Autism and the very Colorado sport of pack burro racing come together in a new memoir by Colorado Central columnist, outdoorsman and rancher Hal Walter. "For sure no burro gets up in the morning and thinks, 'Dang, I think I'll run up a 13,000-foot mountain pass today,'" Walter, who lives near Westcliffe, says. "Likewise, no autistic kid gets up in the morning and thinks, 'I think I'll conform with societal norms today.'" The book is called “Full Tilt Boogie.” Walter is a seven-time champ in the sport where competitors lead donkeys loaded down with at least 33 pounds through the mountains.
With Father's Day coming up, Walter speaks with Colorado Matters host Ryan Warner.
Read an excerpt:
Reprinted from Full Tilt Boogie by Hal Walter, by arrangement with Out There Publishing. Copyright © 2014 by Hal Walter
On a windy April day we went for a walk. Harrison’s fourth birthday was in a few days. We walked out the driveway and down the road to a gate into the neighbors’ property where I have permission to hike. When we turned around the wind was now in our faces and it seemed even stronger, peppering us with dust and sand. Harrison began to object loudly and to throw a tantrum. I picked him up and carried him on my shoulders for a short distance which calmed him down somewhat. Then my ball cap flew off my head. I had to set Harrison down in order to chase down the cap which was still rolling along the ground. Once I had retrieved it I walked back to Harrison and lifted the shrieking child onto my shoulders once more, only to have the cap blow off my head again and have to repeat the same drill. This time I tightened the fit before placing the cap back on my head. For nearly four decades I had been free, within reason of course, to curse out loud, and so with a screaming child on my shoulders when the cap flew a third time I went through considerable vocal contortions trying to keep “goddammit” from leaving my lips. Unfortunately I only managed to keep it just under my breath. I felt badly for this slip-up but hoped Harrison was more concerned with the wind than my language. Since he was prone to echolalia and did not repeat it right away, I figured it was probably OK.
The birthday presents had arrived and so when April 20th rolled around we got out the video camera and set the gifts out on the floor for Harrison to open. He went about opening the packages with gusto, ripping the paper and smiling at each one. I especially wanted to get a video of him opening the gift from my parents, and so when he started on that package I zoomed in. As the paper peeled away to reveal a big yellow tractor, he beamed with joy, looked up at the camera with a huge smile, and happily exclaimed in his own precious little voice: “Goddammit!”
Over the years I have trained and known many burros, like myself some more and some less employable. The first burro I actually owned, Jumpin’ Jack Flash, was wild off the range and when he was finally trained to the point at which the unpredictable wildness was out of him, I missed that spirit more than I appreciated his newfound tractability. Next I had Clyde, born in captivity of wild parents. I ran all my fastest times on the pack-burro courses with Clyde, and won my first race with him. But he never had a World Championship in him despite finishing second a number of times. I trained another wild burro named Hannibal. There was a tame burro named Virgil given to me by a rancher friend. Then along came Spike, who finally won for me a World Championship, and then three more titles. I bought two burros, Billy Sundae and Ace, from breeders in New Mexico, a jack named Redbo from Curtis, and another jack named Laredo, with whom I won two more World Championships.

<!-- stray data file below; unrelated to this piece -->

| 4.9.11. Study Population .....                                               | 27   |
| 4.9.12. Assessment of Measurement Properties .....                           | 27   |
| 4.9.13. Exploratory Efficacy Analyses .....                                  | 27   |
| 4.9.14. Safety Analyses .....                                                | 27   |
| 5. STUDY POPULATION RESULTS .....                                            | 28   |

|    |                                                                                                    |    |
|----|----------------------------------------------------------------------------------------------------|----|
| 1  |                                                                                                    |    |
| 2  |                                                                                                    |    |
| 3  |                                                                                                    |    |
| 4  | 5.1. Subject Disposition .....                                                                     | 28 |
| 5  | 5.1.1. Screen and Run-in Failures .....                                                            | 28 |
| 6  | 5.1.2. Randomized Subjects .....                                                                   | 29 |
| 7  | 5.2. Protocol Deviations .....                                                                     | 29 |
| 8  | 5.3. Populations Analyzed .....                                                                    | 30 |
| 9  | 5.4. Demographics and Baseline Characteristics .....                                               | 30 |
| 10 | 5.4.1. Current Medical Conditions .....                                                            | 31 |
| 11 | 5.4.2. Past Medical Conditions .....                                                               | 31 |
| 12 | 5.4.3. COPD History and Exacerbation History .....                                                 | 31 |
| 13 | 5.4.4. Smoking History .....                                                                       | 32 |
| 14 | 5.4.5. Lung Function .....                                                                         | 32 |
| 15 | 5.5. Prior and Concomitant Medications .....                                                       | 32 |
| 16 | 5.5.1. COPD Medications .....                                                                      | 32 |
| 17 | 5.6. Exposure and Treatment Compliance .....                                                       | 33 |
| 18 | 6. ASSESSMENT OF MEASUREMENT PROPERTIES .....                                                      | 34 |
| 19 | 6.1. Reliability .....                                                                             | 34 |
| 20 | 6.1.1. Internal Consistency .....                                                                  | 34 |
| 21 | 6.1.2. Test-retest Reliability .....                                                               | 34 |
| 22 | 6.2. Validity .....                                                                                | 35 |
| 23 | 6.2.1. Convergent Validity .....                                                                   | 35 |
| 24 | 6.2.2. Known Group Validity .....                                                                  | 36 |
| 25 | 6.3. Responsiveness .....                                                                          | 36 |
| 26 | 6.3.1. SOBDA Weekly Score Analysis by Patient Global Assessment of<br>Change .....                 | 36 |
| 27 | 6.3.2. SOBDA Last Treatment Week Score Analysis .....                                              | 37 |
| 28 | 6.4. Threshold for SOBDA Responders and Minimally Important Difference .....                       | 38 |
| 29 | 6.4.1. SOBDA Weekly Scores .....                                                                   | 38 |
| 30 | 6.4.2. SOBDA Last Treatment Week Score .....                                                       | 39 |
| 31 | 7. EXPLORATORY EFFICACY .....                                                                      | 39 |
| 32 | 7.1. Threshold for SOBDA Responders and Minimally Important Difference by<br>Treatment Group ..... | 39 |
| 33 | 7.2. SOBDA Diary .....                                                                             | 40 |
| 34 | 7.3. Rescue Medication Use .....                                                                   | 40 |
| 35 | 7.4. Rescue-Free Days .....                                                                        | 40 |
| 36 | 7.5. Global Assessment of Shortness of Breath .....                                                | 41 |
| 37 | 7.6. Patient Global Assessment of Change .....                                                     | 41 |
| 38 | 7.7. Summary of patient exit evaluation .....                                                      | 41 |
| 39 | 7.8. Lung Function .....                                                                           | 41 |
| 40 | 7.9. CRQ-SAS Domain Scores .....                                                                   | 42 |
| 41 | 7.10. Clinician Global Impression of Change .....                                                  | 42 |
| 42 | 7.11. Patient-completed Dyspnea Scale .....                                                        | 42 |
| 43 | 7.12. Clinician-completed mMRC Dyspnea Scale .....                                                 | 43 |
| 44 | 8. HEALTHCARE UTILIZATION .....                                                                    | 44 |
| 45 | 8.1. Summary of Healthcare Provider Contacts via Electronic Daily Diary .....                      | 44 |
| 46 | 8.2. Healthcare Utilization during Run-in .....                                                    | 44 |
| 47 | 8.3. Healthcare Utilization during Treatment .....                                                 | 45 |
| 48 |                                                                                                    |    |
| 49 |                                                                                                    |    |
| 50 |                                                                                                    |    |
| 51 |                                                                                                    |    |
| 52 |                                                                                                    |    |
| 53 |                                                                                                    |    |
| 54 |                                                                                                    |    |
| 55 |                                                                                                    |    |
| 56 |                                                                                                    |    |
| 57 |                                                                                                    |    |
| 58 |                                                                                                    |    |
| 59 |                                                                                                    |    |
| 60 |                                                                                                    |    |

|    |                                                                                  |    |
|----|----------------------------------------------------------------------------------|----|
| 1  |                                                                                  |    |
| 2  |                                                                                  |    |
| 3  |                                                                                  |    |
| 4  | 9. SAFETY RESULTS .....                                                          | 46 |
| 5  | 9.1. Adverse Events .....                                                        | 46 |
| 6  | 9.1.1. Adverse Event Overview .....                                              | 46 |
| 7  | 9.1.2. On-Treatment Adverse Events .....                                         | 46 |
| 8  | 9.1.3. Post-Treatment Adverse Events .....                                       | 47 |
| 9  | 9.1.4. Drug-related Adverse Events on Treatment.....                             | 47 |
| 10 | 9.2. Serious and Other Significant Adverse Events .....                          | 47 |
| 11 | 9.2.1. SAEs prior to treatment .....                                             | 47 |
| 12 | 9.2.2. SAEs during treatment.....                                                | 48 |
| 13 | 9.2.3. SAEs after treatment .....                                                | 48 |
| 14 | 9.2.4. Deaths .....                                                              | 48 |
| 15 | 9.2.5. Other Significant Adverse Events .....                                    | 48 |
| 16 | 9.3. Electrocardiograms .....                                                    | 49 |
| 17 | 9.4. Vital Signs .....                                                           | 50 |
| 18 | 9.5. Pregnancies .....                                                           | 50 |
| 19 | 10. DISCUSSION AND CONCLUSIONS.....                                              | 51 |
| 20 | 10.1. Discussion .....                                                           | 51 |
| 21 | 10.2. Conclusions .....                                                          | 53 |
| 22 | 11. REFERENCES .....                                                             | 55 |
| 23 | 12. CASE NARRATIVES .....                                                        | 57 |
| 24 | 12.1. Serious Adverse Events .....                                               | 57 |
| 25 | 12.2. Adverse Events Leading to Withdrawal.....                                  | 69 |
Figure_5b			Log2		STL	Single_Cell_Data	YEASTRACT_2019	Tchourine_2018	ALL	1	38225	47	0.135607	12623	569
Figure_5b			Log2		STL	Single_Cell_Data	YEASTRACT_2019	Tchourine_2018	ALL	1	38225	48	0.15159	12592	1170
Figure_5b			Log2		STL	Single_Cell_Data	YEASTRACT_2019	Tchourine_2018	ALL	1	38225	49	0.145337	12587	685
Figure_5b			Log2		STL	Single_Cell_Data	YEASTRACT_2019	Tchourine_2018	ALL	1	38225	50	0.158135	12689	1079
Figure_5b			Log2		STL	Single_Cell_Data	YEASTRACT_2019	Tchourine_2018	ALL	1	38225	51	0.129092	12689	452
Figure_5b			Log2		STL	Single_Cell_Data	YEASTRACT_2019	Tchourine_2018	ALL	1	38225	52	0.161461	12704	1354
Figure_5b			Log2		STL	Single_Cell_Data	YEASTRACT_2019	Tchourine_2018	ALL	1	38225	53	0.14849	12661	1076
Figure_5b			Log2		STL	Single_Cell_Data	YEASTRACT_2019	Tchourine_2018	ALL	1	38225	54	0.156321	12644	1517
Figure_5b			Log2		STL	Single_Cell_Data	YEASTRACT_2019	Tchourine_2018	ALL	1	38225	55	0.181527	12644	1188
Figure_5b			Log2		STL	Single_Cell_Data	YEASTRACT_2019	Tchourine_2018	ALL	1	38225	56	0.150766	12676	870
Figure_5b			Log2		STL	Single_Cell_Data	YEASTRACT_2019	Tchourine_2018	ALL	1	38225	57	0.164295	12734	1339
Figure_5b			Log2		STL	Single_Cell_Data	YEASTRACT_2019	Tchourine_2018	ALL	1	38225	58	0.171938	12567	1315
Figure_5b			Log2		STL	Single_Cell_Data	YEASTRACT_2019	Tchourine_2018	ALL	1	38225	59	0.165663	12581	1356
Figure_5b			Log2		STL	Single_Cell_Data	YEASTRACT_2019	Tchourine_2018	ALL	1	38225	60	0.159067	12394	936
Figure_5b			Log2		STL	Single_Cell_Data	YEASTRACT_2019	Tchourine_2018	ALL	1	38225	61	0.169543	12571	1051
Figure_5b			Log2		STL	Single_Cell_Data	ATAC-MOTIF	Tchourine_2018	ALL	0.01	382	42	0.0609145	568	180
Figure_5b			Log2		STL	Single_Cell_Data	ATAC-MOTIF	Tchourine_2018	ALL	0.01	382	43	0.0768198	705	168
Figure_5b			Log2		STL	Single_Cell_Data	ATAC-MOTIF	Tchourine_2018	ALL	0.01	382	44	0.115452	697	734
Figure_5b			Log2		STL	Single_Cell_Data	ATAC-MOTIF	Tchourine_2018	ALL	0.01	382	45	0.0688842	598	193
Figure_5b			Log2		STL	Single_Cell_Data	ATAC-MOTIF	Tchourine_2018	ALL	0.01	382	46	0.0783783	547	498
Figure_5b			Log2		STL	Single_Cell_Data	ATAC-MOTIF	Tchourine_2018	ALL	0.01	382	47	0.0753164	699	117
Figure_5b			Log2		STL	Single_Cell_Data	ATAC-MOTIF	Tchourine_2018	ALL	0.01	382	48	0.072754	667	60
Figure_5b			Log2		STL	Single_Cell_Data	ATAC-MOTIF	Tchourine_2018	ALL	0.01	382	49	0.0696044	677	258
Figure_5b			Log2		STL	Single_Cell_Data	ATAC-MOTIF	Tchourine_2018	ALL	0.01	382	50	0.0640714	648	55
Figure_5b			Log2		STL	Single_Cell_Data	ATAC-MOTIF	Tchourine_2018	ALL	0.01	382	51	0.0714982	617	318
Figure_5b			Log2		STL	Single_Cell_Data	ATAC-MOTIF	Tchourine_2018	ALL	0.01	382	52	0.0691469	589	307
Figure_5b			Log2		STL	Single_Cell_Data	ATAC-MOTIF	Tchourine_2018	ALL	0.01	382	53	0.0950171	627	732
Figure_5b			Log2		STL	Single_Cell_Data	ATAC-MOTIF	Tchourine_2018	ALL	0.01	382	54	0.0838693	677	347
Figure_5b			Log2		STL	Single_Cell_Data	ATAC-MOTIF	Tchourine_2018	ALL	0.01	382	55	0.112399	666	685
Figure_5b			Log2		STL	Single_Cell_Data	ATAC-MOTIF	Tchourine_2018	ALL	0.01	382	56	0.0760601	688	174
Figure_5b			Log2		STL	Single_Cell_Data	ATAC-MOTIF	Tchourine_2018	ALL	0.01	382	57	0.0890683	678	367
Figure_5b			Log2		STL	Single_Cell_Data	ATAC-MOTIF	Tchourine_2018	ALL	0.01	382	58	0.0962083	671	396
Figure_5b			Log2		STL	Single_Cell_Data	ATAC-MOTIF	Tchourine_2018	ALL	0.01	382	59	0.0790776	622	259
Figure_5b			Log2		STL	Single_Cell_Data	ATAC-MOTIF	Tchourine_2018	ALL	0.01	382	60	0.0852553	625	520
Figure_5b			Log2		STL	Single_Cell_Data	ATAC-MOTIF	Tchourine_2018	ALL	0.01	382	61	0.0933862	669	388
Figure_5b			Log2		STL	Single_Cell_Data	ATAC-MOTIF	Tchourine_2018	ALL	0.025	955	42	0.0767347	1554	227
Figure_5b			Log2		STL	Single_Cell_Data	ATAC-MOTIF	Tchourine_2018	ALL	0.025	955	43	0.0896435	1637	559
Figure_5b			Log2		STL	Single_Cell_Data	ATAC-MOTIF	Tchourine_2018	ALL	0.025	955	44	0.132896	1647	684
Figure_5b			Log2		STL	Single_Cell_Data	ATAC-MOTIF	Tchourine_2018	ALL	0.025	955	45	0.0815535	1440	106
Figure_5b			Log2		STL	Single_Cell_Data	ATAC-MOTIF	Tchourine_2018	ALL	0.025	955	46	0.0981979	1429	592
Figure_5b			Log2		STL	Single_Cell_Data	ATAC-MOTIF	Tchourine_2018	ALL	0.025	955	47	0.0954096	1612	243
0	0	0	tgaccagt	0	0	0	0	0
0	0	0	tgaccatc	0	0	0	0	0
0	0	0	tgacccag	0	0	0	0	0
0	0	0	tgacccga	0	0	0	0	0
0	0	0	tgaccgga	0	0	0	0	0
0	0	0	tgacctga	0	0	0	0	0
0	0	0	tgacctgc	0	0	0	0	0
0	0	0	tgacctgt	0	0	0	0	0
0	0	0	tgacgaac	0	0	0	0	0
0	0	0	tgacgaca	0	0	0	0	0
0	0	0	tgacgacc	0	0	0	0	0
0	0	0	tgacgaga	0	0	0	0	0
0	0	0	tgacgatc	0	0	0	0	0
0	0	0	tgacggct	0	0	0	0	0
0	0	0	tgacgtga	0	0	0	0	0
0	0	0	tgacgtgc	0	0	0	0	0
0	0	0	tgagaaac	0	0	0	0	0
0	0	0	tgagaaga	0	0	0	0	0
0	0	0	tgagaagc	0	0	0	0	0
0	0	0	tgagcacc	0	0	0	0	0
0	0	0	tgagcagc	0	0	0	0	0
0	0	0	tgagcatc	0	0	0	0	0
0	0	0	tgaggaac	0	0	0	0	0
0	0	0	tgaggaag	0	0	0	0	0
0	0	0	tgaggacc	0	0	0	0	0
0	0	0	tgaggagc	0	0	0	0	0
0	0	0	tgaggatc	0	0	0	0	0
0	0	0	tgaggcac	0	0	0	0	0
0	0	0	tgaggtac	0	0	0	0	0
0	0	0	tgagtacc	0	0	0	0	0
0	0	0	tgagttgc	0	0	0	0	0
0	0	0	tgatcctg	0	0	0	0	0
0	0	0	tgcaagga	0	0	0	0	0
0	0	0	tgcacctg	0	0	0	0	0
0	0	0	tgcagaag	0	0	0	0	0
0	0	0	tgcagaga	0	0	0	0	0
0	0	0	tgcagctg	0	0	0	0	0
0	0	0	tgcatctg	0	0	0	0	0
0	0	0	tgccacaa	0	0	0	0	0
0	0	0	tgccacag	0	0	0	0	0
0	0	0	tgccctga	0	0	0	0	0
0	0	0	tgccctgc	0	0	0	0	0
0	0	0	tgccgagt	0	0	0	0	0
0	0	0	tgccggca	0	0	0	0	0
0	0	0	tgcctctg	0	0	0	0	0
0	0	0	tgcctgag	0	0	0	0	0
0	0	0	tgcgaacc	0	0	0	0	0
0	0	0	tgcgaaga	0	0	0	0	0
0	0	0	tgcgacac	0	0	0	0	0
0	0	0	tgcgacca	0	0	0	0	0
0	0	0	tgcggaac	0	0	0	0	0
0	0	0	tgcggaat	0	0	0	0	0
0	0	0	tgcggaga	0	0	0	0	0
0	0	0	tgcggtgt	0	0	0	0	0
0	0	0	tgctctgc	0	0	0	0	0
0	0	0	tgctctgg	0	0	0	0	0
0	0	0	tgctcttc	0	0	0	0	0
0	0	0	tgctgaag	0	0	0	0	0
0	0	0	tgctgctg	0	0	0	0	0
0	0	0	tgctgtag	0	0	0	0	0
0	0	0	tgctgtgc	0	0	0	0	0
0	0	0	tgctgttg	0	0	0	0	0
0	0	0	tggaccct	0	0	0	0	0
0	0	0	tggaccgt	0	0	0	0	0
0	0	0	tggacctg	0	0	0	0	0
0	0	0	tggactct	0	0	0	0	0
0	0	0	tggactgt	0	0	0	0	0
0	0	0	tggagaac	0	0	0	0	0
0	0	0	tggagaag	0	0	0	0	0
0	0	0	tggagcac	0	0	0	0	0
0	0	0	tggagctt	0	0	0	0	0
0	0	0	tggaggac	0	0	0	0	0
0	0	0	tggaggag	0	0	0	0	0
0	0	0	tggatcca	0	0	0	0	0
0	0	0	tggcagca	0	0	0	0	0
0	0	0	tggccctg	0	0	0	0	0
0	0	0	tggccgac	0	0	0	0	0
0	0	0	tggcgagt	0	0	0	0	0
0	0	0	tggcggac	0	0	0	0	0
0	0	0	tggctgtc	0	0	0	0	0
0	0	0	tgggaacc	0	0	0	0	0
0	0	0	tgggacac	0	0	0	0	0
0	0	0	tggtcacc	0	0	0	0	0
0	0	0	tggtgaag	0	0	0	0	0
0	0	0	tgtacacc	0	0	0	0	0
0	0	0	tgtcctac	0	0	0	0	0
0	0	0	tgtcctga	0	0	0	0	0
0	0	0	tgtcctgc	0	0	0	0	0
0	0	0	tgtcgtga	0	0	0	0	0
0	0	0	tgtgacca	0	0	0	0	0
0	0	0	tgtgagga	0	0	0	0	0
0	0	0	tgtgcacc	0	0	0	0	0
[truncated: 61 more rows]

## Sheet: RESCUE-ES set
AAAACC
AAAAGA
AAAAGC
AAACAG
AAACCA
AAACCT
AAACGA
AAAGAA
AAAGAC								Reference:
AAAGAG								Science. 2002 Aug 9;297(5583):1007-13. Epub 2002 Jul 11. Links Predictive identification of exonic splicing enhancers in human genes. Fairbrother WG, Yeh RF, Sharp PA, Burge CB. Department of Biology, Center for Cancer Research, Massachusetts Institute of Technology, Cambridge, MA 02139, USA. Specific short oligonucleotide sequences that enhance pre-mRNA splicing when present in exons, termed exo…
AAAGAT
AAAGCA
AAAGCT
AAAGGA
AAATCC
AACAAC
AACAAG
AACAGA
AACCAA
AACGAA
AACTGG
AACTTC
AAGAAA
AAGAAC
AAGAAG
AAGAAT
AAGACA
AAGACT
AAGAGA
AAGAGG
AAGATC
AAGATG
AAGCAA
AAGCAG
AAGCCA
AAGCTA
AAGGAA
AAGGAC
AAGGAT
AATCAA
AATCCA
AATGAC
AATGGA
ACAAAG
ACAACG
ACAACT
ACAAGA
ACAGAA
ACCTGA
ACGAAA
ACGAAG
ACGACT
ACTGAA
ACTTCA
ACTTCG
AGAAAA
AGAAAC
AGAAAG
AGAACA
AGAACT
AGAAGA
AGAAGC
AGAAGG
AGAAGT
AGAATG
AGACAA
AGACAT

There were others as well and all of these burros had their own unique personalities. Some were runners out of pure joy and some were not. Some had a work ethic and others didn’t. Some reached down deep in their hearts when the going got tough and others simply gave up. There really is no stereotype with burros just as there is no stereotype with people. As I worked with more and more burros I began to appreciate their individual qualities, and to realize that we’re all here for a purpose. We’re all on our own separate journeys, and in my journey I’ve found parallels between working with burros and parenting an autistic child. For sure no burro gets up in the morning and thinks, “Dang, I think I'll run up a 13,000-foot mountain pass today.” Likewise, no autistic kid gets up in the morning and thinks, “I think I'll conform with societal norms today.” The real key to success with either burros or autistic children is extreme patience and allowing them to find their own way. Each are unique individuals and one cannot exert command over them with good results. Only when they believe something was their own idea do they truly excel.
In this regard the sport itself has become a metaphor for life for me. Success at burro racing is both preparation and then literally dealing with what the world and an unpredictable critter throws at you on race day. Rarely does everything go perfectly. Sometimes things even go quite badly. It’s how you handle what happens and go with the flow that determines success, whether that means winning or merely finishing some days. That’s how life works, too.